Testing two stage assessments in a Chinese college student sample: Correspondences and discontinuity patterns across stages

Yanping Duan, Sonia Lippke*, Petra Wagner, Walter Brehm

*Corresponding author for this work

Research output: Contribution to journalArticleAcademicpeer-review

13 Citations (Web of Science)

Abstract

Objectives: Stage models are especially helpful when matching treatments to the needs of intervention participants. However, stage-matched treatments can only be effective if stages are assessed adequately. Therefore, the measurement qualities of the stage assessments need to be tested. The objective of the current study is to test two stage assessments, one measuring the stages of the Transtheoretical Model (TTM) and one measuring the stages of the Health Action Process Approach (HAPA). Design: Measurement qualities were tested by means of planned contrasts and higher-order trends (Study Purpose 1). The match of the two stage assessments were analyzed regarding their co-occurrence (Purpose 2). Also a "trimmed stage classification variable" was analyzed regarding its measurement qualities (Purpose 3). Method: A total of 830 Chinese college students received questions assessing social-cognitive variables as well as the HAPA- and TTM-stages. Discontinuity patterns were tested across the stages with planned comparisons and non-linear, higher-order trends. Results: TTM- and HAPA-stages corresponded with each other. However, a strong fit of the two stage assessments was not found and measurement error may be assumed. After trimming the stage assignments, the HAPA-assessment improved, and the TTM decreased in measurement qualities. Conclusions: After trimming the stage assignments and correcting for potential measurement error, a more parsimonious stage approach (i.e., HAPA) may be more appropriate.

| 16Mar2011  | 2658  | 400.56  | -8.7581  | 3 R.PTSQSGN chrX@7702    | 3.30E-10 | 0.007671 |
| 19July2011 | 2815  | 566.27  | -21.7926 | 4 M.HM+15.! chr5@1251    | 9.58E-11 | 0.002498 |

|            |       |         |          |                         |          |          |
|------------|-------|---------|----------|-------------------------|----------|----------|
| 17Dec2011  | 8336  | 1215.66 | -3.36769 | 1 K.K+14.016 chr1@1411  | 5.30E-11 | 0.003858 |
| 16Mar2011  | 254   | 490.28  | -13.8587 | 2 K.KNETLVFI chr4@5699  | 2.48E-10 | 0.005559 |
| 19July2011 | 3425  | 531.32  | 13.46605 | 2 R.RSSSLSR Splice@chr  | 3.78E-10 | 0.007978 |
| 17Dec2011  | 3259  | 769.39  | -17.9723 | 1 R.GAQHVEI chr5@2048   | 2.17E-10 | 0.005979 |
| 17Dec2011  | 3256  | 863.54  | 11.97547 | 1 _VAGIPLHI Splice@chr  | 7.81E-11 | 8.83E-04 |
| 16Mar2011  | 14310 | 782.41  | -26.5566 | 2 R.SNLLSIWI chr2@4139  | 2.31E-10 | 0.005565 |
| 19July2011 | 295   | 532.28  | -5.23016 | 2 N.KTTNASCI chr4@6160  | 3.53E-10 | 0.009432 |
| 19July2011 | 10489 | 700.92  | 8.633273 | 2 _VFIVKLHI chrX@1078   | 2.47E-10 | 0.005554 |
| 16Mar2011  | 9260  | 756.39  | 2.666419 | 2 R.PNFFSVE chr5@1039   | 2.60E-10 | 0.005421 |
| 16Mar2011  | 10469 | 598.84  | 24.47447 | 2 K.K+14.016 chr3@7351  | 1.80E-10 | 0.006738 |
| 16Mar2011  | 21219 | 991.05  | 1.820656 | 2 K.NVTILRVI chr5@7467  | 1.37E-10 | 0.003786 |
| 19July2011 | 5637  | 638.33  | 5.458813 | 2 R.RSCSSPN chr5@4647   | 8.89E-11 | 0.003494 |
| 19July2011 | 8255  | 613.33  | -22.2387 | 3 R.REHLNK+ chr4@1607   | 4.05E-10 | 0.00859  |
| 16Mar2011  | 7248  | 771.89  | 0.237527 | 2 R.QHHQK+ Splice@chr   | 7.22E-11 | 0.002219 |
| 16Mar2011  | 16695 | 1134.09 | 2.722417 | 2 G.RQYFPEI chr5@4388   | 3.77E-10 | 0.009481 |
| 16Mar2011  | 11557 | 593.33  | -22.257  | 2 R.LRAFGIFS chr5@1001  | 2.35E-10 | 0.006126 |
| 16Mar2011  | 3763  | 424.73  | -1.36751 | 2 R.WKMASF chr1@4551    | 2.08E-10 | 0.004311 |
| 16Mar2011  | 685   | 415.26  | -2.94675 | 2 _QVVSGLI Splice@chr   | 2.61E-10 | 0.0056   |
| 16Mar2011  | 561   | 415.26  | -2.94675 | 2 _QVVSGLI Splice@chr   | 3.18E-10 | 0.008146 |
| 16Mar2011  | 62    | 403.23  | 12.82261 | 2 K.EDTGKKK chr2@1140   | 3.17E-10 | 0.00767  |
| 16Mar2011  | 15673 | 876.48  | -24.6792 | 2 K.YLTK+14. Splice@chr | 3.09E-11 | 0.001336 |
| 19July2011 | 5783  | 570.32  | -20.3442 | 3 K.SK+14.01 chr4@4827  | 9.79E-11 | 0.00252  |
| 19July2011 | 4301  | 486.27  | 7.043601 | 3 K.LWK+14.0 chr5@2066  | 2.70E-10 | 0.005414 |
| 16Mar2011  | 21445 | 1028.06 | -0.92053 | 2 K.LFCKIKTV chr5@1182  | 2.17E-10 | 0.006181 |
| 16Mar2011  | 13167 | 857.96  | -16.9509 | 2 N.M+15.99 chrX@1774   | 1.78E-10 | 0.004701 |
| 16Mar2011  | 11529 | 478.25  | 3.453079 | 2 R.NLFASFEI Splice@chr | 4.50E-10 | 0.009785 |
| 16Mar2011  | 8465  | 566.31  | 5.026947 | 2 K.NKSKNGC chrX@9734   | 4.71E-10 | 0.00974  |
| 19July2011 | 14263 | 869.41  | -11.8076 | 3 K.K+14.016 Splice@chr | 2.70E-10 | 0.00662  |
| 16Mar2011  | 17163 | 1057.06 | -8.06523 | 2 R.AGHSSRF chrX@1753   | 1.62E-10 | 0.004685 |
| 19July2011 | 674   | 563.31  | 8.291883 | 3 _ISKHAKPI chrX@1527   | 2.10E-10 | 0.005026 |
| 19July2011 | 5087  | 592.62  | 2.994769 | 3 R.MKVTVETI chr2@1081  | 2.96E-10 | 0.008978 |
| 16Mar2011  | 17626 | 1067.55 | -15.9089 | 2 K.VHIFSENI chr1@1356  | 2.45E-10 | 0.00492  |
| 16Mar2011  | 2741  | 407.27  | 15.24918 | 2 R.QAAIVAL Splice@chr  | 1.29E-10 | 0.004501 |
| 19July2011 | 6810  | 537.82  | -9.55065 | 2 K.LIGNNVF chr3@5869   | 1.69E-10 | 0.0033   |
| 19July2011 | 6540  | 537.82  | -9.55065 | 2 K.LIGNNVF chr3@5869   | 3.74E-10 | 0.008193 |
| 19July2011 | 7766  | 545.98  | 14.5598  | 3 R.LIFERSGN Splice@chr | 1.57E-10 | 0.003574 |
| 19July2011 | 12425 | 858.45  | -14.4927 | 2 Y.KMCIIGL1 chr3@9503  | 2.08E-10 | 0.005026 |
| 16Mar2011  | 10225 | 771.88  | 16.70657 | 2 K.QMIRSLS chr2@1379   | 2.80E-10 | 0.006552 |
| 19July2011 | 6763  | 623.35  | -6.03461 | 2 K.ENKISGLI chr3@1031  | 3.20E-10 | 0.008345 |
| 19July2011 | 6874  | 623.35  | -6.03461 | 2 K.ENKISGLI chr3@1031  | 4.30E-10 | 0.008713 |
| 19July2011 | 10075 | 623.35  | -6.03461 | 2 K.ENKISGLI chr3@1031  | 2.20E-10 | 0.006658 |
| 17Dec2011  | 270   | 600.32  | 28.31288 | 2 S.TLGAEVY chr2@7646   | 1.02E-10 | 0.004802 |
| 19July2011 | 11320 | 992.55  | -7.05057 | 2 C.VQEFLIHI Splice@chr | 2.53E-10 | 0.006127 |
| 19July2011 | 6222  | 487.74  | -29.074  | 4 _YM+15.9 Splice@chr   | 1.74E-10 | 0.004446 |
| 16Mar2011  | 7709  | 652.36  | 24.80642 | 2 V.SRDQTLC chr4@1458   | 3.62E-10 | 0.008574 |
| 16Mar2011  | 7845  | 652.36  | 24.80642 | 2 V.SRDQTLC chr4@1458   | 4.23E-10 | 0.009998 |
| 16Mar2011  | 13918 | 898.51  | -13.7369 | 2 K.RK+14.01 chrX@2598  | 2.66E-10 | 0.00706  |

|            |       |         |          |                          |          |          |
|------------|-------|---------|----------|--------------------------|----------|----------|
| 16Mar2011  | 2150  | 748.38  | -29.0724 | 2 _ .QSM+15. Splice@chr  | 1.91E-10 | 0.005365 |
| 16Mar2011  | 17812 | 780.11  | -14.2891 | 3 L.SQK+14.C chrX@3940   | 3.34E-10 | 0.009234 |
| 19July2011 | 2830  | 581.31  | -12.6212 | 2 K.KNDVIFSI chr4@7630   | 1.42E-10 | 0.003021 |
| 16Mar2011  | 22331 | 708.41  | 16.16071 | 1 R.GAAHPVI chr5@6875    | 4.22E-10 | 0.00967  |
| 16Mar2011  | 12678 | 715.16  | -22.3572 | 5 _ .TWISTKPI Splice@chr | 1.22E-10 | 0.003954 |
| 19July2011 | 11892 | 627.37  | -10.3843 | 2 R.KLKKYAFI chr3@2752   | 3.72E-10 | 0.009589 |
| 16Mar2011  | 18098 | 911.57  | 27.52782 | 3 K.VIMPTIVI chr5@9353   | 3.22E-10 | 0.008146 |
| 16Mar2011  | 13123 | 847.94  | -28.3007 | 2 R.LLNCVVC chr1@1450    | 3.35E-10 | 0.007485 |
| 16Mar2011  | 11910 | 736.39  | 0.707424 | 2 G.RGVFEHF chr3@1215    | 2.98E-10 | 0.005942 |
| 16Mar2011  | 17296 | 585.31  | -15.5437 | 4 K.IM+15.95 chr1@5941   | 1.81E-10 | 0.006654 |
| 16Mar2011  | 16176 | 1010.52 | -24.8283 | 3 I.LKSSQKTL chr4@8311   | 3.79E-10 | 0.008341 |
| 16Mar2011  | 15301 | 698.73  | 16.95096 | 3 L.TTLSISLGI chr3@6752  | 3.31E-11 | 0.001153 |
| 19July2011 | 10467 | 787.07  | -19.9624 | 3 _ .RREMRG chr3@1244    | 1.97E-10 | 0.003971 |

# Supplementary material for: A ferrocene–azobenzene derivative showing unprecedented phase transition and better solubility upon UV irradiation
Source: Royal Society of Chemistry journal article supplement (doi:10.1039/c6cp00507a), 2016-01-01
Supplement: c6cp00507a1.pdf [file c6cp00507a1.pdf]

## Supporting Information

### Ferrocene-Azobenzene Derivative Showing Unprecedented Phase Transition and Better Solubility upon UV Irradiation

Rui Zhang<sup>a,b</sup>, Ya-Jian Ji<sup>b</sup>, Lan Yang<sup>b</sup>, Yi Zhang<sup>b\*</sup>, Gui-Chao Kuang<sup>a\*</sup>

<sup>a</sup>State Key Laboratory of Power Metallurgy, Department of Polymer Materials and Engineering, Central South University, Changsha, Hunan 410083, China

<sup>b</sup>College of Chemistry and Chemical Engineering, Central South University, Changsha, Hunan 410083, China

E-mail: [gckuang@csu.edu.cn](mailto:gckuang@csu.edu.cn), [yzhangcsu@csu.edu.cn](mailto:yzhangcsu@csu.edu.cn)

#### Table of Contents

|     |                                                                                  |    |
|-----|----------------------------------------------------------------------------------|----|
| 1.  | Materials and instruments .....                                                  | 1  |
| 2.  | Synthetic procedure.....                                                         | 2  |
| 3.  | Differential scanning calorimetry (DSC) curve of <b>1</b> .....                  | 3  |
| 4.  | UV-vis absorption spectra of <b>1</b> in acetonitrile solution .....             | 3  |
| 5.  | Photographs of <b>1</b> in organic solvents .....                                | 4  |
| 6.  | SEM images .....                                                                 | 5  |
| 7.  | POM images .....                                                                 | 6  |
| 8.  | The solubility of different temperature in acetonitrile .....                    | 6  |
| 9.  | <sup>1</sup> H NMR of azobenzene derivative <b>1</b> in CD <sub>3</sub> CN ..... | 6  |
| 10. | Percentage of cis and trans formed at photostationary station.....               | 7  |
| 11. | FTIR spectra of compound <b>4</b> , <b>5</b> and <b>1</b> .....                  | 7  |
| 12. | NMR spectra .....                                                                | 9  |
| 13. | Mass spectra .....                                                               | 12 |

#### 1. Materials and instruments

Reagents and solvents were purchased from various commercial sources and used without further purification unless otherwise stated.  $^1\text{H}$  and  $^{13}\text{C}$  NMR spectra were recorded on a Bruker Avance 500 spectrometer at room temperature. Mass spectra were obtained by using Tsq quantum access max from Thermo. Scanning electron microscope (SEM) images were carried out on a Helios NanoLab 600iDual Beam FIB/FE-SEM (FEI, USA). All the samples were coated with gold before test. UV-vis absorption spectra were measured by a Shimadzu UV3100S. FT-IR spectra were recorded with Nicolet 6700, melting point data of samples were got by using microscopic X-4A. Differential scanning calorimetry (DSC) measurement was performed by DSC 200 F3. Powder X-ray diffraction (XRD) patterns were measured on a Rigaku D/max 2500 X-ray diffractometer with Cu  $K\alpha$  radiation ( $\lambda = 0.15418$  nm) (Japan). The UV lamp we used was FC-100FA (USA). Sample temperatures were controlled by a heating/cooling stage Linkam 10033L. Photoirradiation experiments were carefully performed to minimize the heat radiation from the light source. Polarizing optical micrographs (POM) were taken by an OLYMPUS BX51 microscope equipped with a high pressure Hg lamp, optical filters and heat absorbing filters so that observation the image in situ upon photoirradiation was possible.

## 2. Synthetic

Original languageEnglish
Pages (from-to)306-313
JournalPsychology of Sport and Exercise
Volume12
Issue number3
DOIs
Publication statusPublished - Jun 2011

Keywords

  • Stage theory
  • Discontinuity patterns
  • Intention
  • Self-efficacy
  • Social support
  • Planning

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